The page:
1. I don't feel we had a bad year this year, Beatrice, except that COVID certainly made its impact felt. Still, we managed to get away for a couple of weeks when it seemed to be in retreat. Now it's one variant after another and the lockdowns and restrictions just keep piling on. Even with all of that, as retired people we are affected far less than people who have to work, arrange day care, or work from home AND look after children. And there's always a bird or two out there to make us happy!

      Delete
  37. Hi David, sorry I am not doing very well with blogging at present!! Lovely blog and I am glad that you are managing to get out in groups still.
    I wish you both all the very best for the holidays and the coming New Year, may things get back to some sort of normal living very soon though you seem to be doing quite well. Cheers Diane

    ReplyDelete
  38. As much as I love your winter shots here and the other post,I'll take my walk with Team David on a warmer day! Still, you can't beat your terrific sightings!

    ReplyDelete
    Replies
    1. Come up in May, Jeanie, and we'll officially declare you the guest of honour and show you warblers, thrushes and flycatchers - in tee shirts - us not the birds!

      Delete
  39. Granted, it's not a bird, but I was interested in the ship. Do you happen to know what its cargo would have been? It looks quite different from the ships I see in the Houston Ship Channel or the Intracoastal Waterway. Very interesting. Once I'd finished looking at it, of course, I spent my usual time oohing and aahing over the Chickadee hand-feeding. It still amazes me -- although I do have a Fox Squirrel now that will take shelled pecans from my hand.

    ReplyDelete
    Replies
    1. I am pretty sure it a liquid bulk carrier of some kind. Let me do a little research and I'll see if I can determine the normal cargoes at this time of the year. Congratulations for making such good friends with the Fox Squirrel, a very attractive creature.

      Delete
  40. I can tell you had a very pleasant day.

    ReplyDelete
  41. Awesome! I admire your group for braving the cold. I hope you have a nice holiday and stay well.

    ReplyDelete
  42. I wish I could join you.
    I have never seen a yellow mark on the swan. Do you always use that or is it a special scientific project? We use a ring around a leg. A bit more discrete I think.
    Merry Christmas or just some happy holidays from Lisbeth in DK

    ReplyDelete
    Replies
    1. The large yellow wing tags are used so that the birds can be identified in flight and from a distance. All the very best to you too, Lisbeth.

      Delete
  43. Another succesful outing David. Winter has come to Ontario, quite different from what we see here in the Netherlands. Plenty of birds during this walk, I think everybody was very satisfied.
    I wish you a Merry Christmas and a pleasant changing of the year.
    Greetings, Kees

    ReplyDelete
  44. David - so gratifying to see young people on your outing, and that they took such pleasure in feeding the chickadees. An effective way to get them hooked on birding! Love the photos of the wrens and the creeper. Hoping that you and Miriam have a lovely Christmas!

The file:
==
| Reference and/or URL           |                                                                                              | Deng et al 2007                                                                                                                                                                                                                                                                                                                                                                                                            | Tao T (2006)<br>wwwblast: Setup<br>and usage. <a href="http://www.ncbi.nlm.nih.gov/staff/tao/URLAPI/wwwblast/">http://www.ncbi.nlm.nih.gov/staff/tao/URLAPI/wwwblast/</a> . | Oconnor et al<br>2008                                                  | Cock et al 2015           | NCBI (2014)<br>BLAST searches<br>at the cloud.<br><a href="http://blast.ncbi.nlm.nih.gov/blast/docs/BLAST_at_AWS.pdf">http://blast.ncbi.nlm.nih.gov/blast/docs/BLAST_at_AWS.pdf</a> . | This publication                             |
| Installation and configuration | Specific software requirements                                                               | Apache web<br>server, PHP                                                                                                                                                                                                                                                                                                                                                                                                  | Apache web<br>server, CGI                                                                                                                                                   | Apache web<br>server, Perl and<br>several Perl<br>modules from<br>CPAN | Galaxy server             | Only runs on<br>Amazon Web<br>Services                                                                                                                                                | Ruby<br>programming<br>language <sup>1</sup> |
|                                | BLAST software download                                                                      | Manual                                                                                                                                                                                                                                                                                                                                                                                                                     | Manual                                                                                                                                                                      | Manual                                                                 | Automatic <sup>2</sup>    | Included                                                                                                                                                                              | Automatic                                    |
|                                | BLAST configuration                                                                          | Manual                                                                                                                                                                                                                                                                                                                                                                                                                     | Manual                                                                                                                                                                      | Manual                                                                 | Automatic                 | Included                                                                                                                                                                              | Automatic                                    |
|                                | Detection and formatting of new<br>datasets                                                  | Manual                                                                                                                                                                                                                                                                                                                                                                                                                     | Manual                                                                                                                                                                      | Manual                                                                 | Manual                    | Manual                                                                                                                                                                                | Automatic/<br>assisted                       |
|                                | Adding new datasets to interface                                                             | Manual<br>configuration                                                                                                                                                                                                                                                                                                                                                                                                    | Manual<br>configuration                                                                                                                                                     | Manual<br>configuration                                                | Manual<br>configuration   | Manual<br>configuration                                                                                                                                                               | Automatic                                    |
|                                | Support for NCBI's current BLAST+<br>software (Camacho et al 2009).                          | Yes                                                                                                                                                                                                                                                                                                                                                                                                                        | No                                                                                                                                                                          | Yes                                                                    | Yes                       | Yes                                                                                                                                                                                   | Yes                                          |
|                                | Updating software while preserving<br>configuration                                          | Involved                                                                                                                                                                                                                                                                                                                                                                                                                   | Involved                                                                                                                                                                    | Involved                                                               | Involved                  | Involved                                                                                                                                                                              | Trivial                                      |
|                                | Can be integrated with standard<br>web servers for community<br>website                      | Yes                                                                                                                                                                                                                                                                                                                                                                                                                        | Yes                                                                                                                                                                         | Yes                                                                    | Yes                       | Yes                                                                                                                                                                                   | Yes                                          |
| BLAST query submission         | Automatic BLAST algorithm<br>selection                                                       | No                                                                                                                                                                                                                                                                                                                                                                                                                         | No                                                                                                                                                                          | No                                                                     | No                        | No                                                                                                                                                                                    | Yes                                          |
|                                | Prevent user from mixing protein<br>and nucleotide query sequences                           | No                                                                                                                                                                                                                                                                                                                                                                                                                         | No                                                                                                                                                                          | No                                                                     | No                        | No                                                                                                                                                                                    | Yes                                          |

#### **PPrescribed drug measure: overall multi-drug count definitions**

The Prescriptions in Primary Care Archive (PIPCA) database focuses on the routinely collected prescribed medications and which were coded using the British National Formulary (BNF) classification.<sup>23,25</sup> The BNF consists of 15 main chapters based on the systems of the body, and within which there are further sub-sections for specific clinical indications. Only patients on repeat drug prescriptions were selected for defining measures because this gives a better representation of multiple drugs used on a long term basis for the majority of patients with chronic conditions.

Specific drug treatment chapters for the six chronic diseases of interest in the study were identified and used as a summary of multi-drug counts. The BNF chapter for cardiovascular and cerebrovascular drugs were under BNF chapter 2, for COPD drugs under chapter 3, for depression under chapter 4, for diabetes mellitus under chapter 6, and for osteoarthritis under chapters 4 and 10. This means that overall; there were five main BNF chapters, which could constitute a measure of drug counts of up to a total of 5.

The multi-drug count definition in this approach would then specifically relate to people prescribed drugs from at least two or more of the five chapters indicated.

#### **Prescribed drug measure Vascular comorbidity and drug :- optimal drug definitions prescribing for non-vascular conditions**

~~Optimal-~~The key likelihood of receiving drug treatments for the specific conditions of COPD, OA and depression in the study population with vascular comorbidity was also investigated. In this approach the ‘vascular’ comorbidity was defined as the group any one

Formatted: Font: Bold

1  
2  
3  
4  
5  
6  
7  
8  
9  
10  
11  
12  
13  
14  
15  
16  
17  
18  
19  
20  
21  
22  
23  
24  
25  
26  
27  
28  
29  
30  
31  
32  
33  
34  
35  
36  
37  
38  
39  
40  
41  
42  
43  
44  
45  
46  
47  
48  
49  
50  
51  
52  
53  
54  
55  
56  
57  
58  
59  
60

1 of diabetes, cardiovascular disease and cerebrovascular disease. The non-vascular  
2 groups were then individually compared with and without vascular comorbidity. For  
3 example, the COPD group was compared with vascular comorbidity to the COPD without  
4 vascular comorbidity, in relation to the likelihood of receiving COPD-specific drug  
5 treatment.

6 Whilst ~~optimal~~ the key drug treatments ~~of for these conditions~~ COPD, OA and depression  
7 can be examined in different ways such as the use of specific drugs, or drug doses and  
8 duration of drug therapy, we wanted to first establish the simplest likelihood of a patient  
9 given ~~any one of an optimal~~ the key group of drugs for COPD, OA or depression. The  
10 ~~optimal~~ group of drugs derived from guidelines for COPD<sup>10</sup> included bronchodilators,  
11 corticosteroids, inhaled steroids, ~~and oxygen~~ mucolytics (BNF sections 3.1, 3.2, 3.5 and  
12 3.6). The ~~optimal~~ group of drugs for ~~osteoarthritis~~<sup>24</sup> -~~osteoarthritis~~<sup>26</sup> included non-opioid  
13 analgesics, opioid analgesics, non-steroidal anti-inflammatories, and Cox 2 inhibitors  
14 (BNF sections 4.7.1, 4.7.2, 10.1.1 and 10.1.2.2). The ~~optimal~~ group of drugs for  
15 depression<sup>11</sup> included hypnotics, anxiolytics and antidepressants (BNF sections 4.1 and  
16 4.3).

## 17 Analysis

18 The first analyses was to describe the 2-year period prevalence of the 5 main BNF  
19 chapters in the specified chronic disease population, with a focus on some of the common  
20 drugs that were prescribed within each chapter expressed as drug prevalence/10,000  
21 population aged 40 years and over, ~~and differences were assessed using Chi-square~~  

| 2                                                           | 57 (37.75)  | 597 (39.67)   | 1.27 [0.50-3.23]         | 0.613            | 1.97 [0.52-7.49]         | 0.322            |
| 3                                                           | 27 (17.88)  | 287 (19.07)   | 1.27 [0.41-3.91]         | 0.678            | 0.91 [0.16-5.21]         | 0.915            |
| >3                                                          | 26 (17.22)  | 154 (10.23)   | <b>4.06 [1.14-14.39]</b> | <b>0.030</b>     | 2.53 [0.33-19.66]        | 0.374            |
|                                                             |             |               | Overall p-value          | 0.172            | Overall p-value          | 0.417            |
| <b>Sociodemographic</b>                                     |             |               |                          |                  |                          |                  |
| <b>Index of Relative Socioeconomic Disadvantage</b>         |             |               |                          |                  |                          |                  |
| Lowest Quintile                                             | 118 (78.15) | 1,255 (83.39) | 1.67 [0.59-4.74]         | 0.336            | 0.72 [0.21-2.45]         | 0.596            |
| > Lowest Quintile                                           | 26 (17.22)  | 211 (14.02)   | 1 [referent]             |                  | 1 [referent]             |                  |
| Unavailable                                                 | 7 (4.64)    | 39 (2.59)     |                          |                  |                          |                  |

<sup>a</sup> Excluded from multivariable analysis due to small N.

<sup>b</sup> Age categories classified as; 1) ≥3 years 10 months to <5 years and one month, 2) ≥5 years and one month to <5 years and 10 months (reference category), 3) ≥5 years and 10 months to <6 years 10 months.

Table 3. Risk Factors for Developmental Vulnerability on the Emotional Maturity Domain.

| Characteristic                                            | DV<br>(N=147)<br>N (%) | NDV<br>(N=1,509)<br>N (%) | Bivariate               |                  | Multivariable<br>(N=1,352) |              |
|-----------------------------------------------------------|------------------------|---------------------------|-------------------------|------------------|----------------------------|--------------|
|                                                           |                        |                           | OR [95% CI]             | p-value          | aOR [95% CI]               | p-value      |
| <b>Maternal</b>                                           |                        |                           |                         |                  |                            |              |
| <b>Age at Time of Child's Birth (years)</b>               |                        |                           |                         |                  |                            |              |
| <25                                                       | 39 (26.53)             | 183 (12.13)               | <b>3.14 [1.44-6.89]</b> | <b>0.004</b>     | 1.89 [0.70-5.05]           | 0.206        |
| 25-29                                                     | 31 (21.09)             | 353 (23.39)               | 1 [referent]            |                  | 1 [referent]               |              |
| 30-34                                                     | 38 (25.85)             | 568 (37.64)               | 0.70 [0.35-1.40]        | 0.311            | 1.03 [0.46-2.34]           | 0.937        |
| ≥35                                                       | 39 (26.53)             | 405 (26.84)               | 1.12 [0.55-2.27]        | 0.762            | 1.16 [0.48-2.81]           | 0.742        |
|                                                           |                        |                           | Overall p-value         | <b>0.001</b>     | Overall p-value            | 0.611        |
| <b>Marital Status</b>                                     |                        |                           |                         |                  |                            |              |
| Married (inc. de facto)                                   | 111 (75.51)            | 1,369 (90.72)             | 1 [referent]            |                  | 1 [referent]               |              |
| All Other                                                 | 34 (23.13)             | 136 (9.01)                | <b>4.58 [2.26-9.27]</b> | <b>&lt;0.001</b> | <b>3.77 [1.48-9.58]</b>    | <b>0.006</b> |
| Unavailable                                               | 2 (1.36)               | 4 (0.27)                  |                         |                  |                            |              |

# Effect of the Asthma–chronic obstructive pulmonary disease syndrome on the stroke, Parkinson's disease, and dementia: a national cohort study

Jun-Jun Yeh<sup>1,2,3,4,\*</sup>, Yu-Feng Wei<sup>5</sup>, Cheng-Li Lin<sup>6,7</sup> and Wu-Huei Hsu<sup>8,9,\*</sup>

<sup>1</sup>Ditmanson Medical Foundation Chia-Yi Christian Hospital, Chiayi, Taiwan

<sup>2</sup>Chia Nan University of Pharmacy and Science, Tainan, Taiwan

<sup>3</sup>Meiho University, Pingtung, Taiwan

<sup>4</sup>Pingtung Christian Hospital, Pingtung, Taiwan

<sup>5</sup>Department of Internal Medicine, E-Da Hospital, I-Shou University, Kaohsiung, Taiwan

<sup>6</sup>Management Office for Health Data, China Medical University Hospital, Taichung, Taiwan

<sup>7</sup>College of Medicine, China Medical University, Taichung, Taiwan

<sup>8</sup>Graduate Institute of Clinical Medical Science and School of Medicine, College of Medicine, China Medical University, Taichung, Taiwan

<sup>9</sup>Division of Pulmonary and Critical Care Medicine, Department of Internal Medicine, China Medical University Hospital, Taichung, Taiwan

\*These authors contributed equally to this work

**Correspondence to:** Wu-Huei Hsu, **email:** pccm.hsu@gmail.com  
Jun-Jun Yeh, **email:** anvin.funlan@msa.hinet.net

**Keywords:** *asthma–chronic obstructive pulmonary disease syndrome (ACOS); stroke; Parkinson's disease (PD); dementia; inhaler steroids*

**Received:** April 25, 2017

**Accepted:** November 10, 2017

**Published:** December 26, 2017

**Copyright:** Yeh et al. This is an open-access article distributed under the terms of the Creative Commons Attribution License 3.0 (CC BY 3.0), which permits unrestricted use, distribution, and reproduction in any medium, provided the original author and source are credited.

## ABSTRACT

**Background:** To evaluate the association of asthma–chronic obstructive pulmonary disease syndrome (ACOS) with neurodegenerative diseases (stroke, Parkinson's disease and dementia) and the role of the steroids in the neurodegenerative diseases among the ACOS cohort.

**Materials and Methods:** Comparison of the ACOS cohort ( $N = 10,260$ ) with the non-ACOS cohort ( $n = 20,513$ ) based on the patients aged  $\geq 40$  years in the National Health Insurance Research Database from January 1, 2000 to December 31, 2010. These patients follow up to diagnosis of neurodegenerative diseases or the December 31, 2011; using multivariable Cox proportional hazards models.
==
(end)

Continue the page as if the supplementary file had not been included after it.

ReplyDelete
  45. Hello David, Wow what a great series of birds you were able to show the people on your walk. Fantastic.
    Great photos as well.
    Warm regards,
    Roos

    ReplyDelete
  46. Se me había pasado está entrada, me ha encantado verla, me gustaría dar de comer a los pájaros. Abrazos.

    ReplyDelete
  47. Hola David es un placer ver como disfrutáis juntos de tan precioso paseo. Las aves son todas preciosas y es maravilloso ver tantos patos y cisnes juntos y como no lo mejor ver a los a los jóvenes disfrutar, sin ellos no hay futuro. Las fotos son espectaculares. Un fuerte abrazo para todos/as.

    ReplyDelete
  48. What a great outing! I'm glad you're allowed to have these group walks again. But I shivered when you mentioned the temperature. Although my body seems to have normalized to the cooler weather here in Connecticut, US, so much so that mid 40s F (~7.2 C) seems somewhat "warm" to me.

    You got a great assortment of photos. Oh, to have even a Woodpecker land in one's hand, to eat seed!! (Maybe next time you're there.) But it's thrilling enough that the Chickadees do it there. And seeing those stunning male Hooded Mergansers makes me want to head out to the shoreline, to see if I can photograph any of them here.

    ReplyDelete
  49. What a beautiful diversity of birds can be seen despite the snowy environment, and how nice to see people going out to observe birds with such conditions, I personally would like to do a winter outing of that type, I really like winter although here it is much more soft, and I would rather go back to a cooler time when one is spending a day over 38C and with some humidity, it is suffocating here.
    A big hug

    PD: incredible how meek are those little birds that eat from the hand!!!

    ReplyDelete
  50. Finally got to downloading and editing some of my many photos from this fun outing! Thanks for a great and educational outing. I look forward to more :)

    ReplyDelete